Oakland Police officer John Hege's heart is beating for someone else this morning, as the city plans to mourn him, and three other officers, killed in the line of duty last weekend. His mother says his lungs couldn't be transplanted because of the bullet wounds, but his kidneys and liver and heart gave four men another reason, this week, to be grateful to him.
Hege's heart went to a 73-year old man. His right kidney went to a 56-year old man. The left, went to a 42-year old man, and his liver went to a 56-year old man. The Transplant network says all the surgeries were done Tuesday night and Wednesday morning, and all were successful.
If you're wondering how you can honor the fallen officers, this link is a good place to start.
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A huge funeral is planned today for those four Oakland Police officers. It's at Oracle Arena, which I've never heard of, and I'm from the East Bay. Well, I'm out of touch ... Oracle Arena is actually the Oakland Coliseum. It has been a while.
But I know exactly where the Piedmont Community Center is, and have been searching all morning for stories on Hege's private memorial there, which was held last night. Here are some of the images of John Hege as I remember him:
My High School friends have been posting these old yearbook photos on their Facebook pages, and telling stories about the boy we remember from Piedmont High. I was at the Community Center a year or two ago for my older siblings' reunion, which took place right after a Friday night football game in my tiny, sheltered hometown. Piedmont is a little island in the middle of Oakland, where the median home value is still above a million dollars. Oakland is just the city view in front of the Bay and "The" City from the Piedmont hills. It seems worlds away from there, and at first I couldn't believe that the officer pictured in the news was the same as my Piedmont classmate.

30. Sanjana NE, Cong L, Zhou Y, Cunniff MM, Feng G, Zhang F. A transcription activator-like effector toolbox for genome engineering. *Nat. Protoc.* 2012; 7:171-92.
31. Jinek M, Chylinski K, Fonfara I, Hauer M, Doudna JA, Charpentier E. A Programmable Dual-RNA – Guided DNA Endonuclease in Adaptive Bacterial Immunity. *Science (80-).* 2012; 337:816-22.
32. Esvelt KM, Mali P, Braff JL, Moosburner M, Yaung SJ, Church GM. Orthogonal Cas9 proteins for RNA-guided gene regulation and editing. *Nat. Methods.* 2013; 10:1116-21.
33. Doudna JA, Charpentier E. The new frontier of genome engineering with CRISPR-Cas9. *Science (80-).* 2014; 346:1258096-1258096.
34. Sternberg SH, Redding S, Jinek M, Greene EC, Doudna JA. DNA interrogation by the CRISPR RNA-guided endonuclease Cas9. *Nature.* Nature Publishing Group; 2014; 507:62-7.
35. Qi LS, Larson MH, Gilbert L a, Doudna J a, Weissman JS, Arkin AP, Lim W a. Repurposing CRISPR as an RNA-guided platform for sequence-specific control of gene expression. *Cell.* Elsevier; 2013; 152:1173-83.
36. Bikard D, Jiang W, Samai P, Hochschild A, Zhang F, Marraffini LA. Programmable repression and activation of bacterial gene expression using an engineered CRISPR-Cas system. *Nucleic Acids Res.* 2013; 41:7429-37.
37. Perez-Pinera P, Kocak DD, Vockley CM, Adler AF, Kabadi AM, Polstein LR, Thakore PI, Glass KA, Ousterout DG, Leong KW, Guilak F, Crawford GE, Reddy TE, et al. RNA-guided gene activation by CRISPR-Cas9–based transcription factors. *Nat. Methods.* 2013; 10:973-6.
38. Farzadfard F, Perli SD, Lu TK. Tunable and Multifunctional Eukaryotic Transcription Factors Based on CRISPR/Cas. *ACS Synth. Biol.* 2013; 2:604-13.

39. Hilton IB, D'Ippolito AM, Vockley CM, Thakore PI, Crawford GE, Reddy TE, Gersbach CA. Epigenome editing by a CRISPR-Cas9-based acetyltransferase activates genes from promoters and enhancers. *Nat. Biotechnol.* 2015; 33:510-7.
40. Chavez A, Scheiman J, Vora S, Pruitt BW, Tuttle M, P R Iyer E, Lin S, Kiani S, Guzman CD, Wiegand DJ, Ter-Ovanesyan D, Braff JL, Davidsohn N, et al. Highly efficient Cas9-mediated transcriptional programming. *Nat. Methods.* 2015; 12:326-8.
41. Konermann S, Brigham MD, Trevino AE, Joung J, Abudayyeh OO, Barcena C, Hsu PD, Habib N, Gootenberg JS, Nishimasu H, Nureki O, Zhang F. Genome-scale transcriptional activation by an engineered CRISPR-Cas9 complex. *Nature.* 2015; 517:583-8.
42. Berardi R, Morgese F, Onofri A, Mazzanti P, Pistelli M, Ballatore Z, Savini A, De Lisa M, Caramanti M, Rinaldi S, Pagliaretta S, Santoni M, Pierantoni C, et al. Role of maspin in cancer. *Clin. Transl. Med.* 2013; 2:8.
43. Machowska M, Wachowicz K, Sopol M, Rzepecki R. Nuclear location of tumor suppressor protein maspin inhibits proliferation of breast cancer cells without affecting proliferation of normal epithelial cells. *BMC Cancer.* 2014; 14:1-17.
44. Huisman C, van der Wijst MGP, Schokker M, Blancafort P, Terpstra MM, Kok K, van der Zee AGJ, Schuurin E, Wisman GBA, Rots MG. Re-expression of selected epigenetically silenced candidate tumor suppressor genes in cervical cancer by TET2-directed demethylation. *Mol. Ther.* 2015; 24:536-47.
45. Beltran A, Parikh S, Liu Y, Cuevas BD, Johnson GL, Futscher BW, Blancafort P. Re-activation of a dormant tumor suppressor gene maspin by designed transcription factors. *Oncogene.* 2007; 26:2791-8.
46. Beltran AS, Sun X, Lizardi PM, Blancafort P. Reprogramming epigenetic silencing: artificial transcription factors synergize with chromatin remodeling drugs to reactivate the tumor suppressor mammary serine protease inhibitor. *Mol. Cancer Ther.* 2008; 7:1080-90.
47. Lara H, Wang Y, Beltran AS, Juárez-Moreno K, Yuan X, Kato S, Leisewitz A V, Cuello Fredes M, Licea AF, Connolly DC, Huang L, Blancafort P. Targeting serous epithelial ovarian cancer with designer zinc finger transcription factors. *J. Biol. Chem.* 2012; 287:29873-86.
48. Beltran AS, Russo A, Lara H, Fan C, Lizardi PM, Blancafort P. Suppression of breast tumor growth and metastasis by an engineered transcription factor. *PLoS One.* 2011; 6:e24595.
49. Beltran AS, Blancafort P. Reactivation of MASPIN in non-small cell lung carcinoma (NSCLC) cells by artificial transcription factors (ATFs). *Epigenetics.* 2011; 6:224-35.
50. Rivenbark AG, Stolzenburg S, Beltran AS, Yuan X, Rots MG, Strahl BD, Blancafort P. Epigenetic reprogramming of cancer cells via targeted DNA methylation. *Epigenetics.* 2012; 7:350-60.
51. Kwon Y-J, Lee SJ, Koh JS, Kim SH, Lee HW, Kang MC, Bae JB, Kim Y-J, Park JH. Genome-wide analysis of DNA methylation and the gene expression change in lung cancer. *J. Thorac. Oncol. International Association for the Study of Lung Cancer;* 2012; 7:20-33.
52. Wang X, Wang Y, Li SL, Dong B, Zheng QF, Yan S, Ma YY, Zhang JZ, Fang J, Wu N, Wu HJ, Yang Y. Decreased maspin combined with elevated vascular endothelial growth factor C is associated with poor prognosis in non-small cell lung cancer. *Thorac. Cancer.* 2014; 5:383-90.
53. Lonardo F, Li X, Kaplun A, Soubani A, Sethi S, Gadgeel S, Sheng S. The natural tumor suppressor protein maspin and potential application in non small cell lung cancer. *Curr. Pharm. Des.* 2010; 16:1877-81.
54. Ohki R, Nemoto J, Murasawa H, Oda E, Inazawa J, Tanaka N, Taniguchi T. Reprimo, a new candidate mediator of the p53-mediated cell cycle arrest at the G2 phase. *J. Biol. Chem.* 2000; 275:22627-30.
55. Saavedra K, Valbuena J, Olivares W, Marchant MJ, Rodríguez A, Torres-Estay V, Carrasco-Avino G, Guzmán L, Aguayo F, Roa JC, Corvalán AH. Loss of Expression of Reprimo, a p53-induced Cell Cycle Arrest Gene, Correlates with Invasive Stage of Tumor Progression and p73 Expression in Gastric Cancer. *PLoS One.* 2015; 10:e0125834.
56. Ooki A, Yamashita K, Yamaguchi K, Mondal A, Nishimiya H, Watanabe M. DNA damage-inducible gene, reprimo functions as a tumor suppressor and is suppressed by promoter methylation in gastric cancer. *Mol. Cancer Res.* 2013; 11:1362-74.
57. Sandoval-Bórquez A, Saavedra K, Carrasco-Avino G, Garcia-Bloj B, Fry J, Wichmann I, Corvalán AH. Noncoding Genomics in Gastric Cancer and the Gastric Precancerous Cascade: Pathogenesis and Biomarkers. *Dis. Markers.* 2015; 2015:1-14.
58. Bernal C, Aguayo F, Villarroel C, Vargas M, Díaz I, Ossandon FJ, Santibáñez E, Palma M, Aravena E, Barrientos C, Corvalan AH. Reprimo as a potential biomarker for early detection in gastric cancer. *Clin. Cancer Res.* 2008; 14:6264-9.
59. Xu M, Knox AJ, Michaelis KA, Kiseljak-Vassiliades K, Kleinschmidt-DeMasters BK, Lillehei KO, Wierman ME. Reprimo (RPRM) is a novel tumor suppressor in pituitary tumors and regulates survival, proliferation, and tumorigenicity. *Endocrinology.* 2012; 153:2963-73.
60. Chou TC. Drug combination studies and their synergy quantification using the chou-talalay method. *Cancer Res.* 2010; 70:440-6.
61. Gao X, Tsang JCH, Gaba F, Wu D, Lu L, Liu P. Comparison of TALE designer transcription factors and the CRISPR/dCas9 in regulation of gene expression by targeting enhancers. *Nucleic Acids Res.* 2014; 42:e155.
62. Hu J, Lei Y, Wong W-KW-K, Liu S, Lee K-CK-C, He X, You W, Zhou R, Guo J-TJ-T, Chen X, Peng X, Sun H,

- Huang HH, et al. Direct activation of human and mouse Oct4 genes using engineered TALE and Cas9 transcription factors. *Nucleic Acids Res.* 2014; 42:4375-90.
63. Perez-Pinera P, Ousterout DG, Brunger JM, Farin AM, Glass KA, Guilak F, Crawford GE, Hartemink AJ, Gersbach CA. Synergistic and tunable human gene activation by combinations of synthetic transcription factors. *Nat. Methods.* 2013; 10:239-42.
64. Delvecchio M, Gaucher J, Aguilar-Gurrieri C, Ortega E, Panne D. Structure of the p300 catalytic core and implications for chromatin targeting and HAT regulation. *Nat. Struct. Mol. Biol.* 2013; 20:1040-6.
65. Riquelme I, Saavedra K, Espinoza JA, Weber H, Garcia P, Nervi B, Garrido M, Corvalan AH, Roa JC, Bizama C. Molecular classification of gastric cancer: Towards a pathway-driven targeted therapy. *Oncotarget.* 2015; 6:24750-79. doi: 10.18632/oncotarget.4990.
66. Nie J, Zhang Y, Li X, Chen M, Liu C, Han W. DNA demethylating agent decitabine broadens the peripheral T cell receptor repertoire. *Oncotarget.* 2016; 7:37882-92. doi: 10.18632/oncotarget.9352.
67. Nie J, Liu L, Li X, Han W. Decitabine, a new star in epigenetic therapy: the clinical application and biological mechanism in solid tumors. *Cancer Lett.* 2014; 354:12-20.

I think that's what happens, as most of us go through our lives, oblivious of what's happening to people just like us, right next door. We think, that can't possibly happen to us, or to ours.
But it does happen, and understanding that and running toward it head-on is what makes people like John Hege heroes. He wanted to make a difference in law enforcement, so he just went for it. Oakland PD. And he knew the risks, which is why he signed up to be an organ donor last year.
My old High School Civics teacher, Rich Kitchens, kept in touch with John and lived near him. Mr. Kitchens (I still can't use his first name!) is the Assistant Principal now, and a few of my facebook friends (Mr. Kitchens among them) are trying to get something at the High School dedicated to John's memory. I wonder about the Community Center, adjacent to the High School, where John was remembered last night. He left the comfort of the suburbs, and gave his life serving the community that needed help the most.
This story in the Contra Costa times this morning gives a good summary of last night's memorial for John, with some comments from his mother Tamra:
"John donated his heart, his liver and kidneys" to save another's life, Tamra Hege said. "He could not donate his lungs because of his bullet wounds."
Tamra Hege recalled her son's desire to be an Oakland police officer "because that's where the action was." "That's what he did. He loved what he did. He was good at it," she said. "We always supported his decision to become a policeman in Oakland."
John's parents, John and Tamra, are heroes too.